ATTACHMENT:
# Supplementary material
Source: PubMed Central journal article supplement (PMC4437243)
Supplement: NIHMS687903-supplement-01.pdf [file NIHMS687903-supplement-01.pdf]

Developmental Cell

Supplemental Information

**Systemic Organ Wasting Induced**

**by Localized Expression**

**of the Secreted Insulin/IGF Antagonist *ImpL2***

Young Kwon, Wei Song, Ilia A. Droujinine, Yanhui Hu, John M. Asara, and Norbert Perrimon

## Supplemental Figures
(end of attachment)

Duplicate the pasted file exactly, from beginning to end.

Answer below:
# Supplementary material
Source: PubMed Central journal article supplement (PMC4437243)
Supplement: NIHMS687903-supplement-01.pdf [file NIHMS687903-supplement-01.pdf]

Developmental Cell

Supplemental Information

**Systemic Organ Wasting Induced**

**by Localized Expression**

**of the Secreted Insulin/IGF Antagonist *ImpL2***

Young Kwon, Wei Song, Ilia A. Droujinine, Yanhui Hu, John M. Asara, and Norbert Perrimon

## Supplemental Figures